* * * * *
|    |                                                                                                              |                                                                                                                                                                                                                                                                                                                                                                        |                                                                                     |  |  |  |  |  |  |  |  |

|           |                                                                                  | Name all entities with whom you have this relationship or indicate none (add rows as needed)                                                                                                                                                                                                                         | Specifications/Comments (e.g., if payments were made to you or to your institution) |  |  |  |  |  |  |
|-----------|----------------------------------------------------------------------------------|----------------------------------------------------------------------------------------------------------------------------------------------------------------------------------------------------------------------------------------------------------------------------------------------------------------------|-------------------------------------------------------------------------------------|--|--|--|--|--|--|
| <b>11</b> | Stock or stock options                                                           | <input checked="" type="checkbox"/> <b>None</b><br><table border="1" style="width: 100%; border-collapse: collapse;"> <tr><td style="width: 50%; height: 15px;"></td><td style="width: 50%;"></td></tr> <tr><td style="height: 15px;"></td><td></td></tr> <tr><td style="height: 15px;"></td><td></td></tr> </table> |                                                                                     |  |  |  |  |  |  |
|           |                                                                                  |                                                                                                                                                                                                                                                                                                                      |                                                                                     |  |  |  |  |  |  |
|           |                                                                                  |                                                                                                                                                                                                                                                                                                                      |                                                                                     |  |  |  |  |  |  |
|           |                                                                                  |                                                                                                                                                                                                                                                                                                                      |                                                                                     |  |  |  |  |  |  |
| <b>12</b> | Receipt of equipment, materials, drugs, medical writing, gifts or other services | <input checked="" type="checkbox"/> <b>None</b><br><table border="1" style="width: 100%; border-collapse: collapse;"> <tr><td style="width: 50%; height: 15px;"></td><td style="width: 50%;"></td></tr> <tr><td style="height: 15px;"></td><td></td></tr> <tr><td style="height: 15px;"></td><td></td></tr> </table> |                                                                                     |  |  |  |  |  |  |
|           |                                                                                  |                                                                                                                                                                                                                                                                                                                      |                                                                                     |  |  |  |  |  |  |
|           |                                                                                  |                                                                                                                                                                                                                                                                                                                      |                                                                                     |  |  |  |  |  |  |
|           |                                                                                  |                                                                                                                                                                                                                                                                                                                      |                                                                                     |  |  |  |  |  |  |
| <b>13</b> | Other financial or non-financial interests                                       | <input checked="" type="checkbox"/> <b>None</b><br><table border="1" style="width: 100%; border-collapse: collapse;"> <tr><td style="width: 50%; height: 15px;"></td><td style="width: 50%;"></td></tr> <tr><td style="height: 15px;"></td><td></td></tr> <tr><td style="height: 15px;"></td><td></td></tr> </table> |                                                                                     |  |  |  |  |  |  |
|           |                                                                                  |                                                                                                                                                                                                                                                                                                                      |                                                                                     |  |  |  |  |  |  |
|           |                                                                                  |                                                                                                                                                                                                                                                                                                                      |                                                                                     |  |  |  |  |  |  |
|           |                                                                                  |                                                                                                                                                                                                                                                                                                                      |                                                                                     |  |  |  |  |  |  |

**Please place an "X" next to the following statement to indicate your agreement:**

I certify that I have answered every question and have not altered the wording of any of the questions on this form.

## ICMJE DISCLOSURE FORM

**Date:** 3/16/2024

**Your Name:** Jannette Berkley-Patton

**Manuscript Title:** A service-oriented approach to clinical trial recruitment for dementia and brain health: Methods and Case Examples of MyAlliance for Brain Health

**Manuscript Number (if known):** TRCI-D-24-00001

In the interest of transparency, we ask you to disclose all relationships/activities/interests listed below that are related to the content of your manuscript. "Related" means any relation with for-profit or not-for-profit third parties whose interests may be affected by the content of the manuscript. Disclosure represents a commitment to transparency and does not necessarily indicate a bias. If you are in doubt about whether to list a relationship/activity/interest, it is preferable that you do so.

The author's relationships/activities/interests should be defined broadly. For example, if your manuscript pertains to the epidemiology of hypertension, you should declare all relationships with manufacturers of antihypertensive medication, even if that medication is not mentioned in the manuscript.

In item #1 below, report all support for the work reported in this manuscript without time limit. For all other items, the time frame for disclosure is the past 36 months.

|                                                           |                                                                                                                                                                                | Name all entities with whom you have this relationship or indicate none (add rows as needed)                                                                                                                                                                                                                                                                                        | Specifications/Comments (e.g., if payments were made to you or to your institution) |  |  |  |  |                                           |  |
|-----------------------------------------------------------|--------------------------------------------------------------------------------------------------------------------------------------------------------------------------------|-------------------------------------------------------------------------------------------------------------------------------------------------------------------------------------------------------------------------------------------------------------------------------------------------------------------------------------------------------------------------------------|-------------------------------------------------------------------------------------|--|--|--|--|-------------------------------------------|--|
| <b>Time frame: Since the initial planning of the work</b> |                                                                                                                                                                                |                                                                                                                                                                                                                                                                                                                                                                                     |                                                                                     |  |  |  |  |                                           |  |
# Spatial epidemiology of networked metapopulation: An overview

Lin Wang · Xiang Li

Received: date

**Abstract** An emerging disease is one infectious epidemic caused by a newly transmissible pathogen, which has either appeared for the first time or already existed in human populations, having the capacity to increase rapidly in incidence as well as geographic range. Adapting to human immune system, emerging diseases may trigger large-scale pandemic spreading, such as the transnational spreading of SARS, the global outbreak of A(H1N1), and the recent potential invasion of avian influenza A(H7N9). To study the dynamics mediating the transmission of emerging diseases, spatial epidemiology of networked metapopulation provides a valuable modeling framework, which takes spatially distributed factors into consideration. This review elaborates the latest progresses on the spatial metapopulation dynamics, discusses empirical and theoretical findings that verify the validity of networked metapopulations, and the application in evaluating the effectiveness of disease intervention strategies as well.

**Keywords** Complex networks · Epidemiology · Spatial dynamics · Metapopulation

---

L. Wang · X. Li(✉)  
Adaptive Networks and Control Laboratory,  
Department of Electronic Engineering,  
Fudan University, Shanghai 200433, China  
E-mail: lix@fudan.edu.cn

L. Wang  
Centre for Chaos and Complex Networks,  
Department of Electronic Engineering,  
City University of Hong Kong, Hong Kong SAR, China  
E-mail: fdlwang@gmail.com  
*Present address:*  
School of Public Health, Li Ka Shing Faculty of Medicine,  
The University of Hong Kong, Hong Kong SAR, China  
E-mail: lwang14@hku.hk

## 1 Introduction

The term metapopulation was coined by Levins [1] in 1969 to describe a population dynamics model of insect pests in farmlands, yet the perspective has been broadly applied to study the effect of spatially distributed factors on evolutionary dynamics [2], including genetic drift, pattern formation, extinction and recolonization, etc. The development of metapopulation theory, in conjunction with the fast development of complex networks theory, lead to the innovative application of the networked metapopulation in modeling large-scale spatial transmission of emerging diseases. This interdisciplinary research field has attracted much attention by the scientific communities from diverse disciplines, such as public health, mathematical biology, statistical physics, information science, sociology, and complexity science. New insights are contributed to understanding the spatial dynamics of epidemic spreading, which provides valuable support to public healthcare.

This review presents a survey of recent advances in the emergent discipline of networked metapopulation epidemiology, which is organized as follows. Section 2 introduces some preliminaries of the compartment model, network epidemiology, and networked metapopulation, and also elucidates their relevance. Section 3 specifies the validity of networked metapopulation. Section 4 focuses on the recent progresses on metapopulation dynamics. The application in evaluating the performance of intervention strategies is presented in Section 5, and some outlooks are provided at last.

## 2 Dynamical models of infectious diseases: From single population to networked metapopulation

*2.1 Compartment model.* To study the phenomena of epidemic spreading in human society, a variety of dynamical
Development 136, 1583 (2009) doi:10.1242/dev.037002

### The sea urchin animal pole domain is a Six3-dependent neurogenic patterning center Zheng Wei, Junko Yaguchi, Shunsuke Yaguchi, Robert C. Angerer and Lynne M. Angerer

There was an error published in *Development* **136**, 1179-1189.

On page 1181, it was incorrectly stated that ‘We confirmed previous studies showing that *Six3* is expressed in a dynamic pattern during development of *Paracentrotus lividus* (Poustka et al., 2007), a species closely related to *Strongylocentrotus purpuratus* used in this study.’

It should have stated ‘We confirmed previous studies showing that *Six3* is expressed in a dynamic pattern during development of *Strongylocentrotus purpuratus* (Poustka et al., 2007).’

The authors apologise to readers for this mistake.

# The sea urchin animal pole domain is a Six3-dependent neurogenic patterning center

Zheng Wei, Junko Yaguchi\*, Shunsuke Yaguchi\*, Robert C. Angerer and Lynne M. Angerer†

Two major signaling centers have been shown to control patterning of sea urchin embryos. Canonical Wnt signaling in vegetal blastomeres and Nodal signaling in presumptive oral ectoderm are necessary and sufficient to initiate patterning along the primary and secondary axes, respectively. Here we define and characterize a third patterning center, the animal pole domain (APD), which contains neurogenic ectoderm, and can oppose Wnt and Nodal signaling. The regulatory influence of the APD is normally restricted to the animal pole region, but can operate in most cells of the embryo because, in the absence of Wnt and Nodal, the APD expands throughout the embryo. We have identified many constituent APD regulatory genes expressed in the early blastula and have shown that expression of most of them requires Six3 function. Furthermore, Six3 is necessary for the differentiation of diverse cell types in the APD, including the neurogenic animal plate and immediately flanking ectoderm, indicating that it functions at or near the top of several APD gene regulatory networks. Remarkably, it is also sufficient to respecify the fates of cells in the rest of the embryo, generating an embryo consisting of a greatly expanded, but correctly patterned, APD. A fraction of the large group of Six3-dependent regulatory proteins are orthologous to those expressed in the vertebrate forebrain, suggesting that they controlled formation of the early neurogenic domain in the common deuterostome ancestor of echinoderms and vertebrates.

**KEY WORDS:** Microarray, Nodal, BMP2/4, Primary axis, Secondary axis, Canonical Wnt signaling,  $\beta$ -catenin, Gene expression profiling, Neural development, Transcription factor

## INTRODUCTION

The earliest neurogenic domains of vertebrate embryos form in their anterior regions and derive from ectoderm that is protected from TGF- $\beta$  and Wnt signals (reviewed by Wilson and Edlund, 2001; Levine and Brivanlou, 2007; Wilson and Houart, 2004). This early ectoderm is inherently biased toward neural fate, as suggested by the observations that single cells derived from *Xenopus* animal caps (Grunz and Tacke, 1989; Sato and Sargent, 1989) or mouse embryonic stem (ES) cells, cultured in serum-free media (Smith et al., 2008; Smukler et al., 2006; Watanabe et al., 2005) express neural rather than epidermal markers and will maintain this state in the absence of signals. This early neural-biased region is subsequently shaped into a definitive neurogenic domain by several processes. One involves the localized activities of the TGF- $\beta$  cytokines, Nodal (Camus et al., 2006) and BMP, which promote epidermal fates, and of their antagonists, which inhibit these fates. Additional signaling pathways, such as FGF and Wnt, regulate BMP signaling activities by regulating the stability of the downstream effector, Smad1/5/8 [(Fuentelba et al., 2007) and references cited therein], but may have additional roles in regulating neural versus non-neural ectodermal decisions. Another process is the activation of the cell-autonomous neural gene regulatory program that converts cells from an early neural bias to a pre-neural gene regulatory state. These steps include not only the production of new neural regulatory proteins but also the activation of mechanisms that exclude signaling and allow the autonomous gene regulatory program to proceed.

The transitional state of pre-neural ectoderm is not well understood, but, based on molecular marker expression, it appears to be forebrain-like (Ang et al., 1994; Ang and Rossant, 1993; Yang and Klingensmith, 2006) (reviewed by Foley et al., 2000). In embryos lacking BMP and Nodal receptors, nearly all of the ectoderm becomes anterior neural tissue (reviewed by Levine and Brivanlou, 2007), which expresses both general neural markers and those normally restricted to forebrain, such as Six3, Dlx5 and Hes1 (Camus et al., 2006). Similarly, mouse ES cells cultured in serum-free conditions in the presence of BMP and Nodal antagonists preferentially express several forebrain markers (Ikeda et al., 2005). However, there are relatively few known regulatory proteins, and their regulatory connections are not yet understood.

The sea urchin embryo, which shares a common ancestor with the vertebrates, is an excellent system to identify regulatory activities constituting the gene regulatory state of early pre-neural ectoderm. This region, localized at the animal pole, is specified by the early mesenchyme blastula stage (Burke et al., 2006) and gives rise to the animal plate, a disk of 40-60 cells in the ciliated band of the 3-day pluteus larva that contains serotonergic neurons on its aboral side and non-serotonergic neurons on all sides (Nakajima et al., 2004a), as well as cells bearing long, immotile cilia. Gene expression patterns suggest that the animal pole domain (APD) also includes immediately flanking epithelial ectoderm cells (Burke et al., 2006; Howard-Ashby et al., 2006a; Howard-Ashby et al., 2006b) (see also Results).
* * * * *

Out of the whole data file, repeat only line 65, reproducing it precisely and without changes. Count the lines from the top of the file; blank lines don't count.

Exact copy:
The earliest neurogenic domains of vertebrate embryos form in their anterior regions and derive from ectoderm that is protected from TGF- $\beta$  and Wnt signals (reviewed by Wilson and Edlund, 2001; Levine and Brivanlou, 2007; Wilson and Houart, 2004). This early ectoderm is inherently biased toward neural fate, as suggested by the observations that single cells derived from *Xenopus* animal caps (Grunz and Tacke, 1989; Sato and Sargent, 1989) or mouse embryonic stem (ES) cells, cultured in serum-free media (Smith et al., 2008; Smukler et al., 2006; Watanabe et al., 2005) express neural rather than epidermal markers and will maintain this state in the absence of signals. This early neural-biased region is subsequently shaped into a definitive neurogenic domain by several processes. One involves the localized activities of the TGF- $\beta$  cytokines, Nodal (Camus et al., 2006) and BMP, which promote epidermal fates, and of their antagonists, which inhibit these fates. Additional signaling pathways, such as FGF and Wnt, regulate BMP signaling activities by regulating the stability of the downstream effector, Smad1/5/8 [(Fuentelba et al., 2007) and references cited therein], but may have additional roles in regulating neural versus non-neural ectodermal decisions. Another process is the activation of the cell-autonomous neural gene regulatory program that converts cells from an early neural bias to a pre-neural gene regulatory state. These steps include not only the production of new neural regulatory proteins but also the activation of mechanisms that exclude signaling and allow the autonomous gene regulatory program to proceed.